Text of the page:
I get a little choked up every time I walk through the atrium of the Chemistry Building.

Admittedly, that’s a strange place to get emotional, but I promise that I have a good reason. My first real experience at the University was in that building.

I was about 10 years old when my Girl Scout troop took a trip here to the University. My troop was from the small Catholic elementary school that I attended. Everyone’s favorite University chemistry lecturer Kathleen Nolta went to the church that our Catholic school was attached to. She generously offered to teach my Girl Scout troop a little chemistry so we could earn some badge or another. So the eight or nine of us girls piled into a few minivans with our troop leaders and headed to Ann Arbor. We spent the afternoon tie-dying T-shirts in one of the labs in the Chemistry Building. We also sat in on a chemistry lecture.

That was the day I knew, without a doubt, that I wanted to go to the University of Michigan.

I remember being blown away by the University. I thought it was beautiful. The statues at the Michigan League were wonderful. Burton Tower was impossibly high. The Chemistry Building atrium was huge and filled with students who wanted to learn.

The University was where I belonged.

These days, I get a full, elated feeling when I walk through the Chemistry Building. It reminds me of that feeling I had when I was 10, and I knew that I was going to go to the University no matter what it took.

Okay, it also helps that both of my parents are University alumni, and I grew up with Michigan football and singing “Hail to the Victors”. But the fact remains that this is the only place that I’ve ever wanted to go to school.

Four years ago, I came back to the University as a student. The first time I walked across the Diag, I was thrilled. I felt lucky. I was finally here. Though I worked hard to get here, I was still aware that any number of things could have gone wrong. Yet, somehow, I still made it.

I still feel lucky. Once I got here, I found more opportunities waiting for me. I knew as a freshman that I needed to find something to do with my extra time. I chose The Michigan Daily. During my time here, I’ve met extraordinary people who care a lot about issues from the environment to taxes. I’ve met people from Italy, Kuwait and New York. I am lucky to have known them.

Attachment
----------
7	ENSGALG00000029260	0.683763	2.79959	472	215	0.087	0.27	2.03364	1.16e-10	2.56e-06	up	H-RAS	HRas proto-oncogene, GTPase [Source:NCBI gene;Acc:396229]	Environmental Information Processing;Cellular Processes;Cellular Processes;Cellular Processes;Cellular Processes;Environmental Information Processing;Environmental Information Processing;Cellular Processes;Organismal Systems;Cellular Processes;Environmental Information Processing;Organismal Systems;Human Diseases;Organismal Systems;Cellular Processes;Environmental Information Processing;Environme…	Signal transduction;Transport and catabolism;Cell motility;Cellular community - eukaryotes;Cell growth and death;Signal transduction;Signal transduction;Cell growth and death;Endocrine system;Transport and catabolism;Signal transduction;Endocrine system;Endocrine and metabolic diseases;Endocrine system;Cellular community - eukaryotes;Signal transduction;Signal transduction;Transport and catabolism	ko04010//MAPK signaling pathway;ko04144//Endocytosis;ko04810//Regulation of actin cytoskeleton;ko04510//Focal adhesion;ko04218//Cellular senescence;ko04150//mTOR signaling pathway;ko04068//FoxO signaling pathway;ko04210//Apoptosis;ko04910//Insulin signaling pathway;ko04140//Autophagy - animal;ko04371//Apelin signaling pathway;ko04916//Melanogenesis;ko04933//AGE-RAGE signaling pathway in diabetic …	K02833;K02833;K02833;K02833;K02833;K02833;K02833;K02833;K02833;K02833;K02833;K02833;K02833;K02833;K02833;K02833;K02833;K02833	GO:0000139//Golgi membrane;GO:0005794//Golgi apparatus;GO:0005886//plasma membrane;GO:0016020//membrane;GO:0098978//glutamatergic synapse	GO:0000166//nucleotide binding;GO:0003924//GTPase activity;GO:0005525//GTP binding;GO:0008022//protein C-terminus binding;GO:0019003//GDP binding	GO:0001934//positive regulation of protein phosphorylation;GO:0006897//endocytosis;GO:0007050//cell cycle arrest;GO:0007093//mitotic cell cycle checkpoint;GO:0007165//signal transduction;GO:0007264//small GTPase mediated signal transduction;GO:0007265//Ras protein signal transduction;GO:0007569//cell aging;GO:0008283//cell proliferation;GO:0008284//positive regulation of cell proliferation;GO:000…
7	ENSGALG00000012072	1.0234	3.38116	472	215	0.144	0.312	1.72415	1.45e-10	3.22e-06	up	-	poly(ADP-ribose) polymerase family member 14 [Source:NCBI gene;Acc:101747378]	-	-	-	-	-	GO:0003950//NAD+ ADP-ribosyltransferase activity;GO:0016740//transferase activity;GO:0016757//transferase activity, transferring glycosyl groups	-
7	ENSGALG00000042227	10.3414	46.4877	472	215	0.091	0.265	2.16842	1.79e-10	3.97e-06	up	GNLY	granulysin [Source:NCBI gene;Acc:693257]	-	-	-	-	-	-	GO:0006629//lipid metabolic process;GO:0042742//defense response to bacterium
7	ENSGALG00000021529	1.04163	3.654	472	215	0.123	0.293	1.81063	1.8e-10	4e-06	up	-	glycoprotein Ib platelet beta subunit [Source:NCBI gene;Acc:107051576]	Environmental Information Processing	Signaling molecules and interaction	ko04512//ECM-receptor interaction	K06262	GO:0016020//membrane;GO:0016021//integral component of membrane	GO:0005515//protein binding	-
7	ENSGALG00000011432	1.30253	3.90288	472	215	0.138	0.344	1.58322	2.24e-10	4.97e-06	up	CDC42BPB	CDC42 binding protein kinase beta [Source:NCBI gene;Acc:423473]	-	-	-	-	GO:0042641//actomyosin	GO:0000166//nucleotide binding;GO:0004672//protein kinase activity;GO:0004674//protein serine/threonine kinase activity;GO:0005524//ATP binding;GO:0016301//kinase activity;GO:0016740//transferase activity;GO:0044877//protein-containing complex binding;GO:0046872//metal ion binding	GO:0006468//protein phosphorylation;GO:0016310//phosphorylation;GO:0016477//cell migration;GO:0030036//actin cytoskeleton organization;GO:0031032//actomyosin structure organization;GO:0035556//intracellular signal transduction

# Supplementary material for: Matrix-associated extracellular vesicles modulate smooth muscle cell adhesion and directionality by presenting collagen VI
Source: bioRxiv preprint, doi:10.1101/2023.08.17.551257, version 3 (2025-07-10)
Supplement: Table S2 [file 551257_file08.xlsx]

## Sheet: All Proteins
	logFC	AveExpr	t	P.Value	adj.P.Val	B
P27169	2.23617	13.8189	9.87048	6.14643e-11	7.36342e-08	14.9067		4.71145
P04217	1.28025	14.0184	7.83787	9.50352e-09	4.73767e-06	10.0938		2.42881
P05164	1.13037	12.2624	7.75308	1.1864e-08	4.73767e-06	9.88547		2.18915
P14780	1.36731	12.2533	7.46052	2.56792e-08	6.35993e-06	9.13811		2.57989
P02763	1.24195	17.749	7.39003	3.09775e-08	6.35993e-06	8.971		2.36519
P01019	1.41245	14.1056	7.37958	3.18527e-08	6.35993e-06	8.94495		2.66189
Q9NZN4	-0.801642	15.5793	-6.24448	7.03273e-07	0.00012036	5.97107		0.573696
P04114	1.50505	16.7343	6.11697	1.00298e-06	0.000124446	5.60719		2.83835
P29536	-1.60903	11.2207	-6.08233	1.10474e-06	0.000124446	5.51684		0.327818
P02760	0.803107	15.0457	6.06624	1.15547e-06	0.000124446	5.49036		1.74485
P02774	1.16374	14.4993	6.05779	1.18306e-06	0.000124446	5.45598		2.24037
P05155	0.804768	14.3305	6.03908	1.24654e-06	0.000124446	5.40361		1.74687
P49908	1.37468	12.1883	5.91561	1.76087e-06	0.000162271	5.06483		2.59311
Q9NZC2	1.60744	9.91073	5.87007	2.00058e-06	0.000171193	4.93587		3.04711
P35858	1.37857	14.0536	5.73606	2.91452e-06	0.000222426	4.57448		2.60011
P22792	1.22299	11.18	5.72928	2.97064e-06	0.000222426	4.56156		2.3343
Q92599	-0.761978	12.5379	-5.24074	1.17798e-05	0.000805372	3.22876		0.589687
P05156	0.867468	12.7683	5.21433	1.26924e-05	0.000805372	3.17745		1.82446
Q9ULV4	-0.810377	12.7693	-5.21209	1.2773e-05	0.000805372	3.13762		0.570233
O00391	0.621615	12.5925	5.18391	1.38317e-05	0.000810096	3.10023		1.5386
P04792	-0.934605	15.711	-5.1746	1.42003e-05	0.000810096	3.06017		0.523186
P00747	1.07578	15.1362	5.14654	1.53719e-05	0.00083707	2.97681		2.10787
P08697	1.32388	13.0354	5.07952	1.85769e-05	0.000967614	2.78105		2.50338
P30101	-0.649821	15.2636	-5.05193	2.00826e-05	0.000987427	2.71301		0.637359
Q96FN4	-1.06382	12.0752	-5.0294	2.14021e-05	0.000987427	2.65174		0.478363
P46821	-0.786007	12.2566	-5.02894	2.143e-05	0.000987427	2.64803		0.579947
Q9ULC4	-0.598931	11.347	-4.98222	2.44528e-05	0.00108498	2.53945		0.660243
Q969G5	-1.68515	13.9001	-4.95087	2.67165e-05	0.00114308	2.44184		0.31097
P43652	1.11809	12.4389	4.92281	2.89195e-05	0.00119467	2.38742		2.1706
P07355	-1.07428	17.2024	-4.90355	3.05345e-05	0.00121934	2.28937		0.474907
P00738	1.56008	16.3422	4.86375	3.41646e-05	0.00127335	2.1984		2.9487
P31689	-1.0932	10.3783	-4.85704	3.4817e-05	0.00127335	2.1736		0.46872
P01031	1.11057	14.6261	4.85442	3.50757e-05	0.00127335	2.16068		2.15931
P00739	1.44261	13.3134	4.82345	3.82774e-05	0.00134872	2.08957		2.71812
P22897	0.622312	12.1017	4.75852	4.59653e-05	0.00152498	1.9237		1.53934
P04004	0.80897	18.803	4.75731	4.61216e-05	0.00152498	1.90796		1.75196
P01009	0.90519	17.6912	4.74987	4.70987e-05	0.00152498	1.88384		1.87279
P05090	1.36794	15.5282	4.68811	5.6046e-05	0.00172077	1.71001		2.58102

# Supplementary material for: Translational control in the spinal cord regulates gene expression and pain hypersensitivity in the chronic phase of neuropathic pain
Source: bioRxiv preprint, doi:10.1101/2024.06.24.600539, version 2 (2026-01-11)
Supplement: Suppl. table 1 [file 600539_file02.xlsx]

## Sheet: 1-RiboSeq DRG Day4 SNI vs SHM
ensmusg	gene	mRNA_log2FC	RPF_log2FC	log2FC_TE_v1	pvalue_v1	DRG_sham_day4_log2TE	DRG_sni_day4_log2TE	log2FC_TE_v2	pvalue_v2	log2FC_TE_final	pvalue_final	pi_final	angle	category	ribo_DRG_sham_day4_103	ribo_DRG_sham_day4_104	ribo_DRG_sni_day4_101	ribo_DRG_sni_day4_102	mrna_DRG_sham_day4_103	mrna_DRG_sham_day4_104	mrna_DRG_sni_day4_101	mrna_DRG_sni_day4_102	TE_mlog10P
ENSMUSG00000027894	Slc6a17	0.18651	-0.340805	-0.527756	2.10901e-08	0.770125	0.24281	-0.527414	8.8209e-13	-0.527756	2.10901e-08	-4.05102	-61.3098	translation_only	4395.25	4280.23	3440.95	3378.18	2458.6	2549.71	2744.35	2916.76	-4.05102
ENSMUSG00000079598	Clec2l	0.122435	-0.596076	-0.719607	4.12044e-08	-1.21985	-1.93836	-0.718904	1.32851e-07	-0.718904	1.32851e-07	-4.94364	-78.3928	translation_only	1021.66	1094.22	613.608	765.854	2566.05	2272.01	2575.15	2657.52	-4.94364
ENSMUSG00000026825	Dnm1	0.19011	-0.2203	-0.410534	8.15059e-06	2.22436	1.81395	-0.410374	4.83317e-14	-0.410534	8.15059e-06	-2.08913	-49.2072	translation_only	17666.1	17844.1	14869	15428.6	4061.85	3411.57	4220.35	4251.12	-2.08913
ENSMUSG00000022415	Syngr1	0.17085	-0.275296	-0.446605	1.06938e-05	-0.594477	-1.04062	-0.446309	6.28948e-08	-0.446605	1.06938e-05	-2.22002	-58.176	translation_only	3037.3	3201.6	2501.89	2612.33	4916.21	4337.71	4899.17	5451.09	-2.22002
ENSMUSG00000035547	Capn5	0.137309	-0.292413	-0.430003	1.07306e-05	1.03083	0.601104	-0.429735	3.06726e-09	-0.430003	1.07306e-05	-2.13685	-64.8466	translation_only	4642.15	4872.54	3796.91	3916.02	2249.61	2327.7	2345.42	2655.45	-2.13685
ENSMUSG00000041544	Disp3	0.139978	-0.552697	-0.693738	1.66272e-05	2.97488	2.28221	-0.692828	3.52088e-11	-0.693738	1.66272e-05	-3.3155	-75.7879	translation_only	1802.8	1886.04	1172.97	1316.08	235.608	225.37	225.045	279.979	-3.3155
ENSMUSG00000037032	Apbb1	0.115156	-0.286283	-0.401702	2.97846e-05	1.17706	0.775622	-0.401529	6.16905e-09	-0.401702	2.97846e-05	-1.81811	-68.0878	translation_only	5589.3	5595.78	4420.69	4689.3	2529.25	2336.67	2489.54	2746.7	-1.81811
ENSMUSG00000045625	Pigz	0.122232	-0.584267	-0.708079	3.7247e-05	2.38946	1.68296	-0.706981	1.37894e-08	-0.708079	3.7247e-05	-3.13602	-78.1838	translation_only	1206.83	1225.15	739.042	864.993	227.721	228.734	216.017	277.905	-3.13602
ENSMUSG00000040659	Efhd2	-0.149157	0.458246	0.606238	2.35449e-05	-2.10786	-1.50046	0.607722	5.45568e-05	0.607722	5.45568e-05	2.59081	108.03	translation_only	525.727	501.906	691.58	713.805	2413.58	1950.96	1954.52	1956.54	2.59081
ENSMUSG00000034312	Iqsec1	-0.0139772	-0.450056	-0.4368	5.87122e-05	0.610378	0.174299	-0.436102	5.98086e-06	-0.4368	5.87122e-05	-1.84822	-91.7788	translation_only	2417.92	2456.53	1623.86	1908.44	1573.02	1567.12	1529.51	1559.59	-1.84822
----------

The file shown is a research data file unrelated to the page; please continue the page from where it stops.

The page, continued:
Lately, the feeling of luck is fairly bittersweet. In a matter of days, I’ll graduate and leave this place behind. It makes me feel nostalgic and sometimes even a little weepy — and I’m not one for tears.

Too often, I think, students here at the University forget how lucky we are. And we are very, very lucky. No matter if we’re the best and the brightest, we still have been given a tremendous opportunity. We get complacent. We become accustomed to being here. We forget that there are thousands of students who weren’t accepted and more who, for one reason or another, won’t make it through.

The University population has a reputation for arrogance. (And, clearly, the University and its faculty, staff and students are pretty awesome.) But the thing about being awesome is that it also makes you feel entitled. We feel entitled to be here, entitled to success, and eventually, entitled to whatever we want.

But here’s the truth: We aren’t entitled to anything. We had to work hard to get here, we’ll have to work hard to find a job (especially in this economy) and we’ll have to work hard to keep a job. So don’t take anything for granted. Feel fortunate now. Feel blessed now. When you walk through the Diag or up the steps of Angell Hall, feel lucky. You’ve been given a gift that will serve you for the rest of your life.

People say graduation is a time to look forward. Everyone gives the traditional “commencement means moving on” speech at graduation ceremonies. I disagree. Graduation is a time to look back. Remember what this place gave you and how it has made you into who you are. Don’t forget. Feel lucky.

Rachel Van Gilder was the Daily’s editorial page editor in 2010. She can be reached at rachelvg@umich.edu.

Leave a comment

Your email address will not be published. Required fields are marked *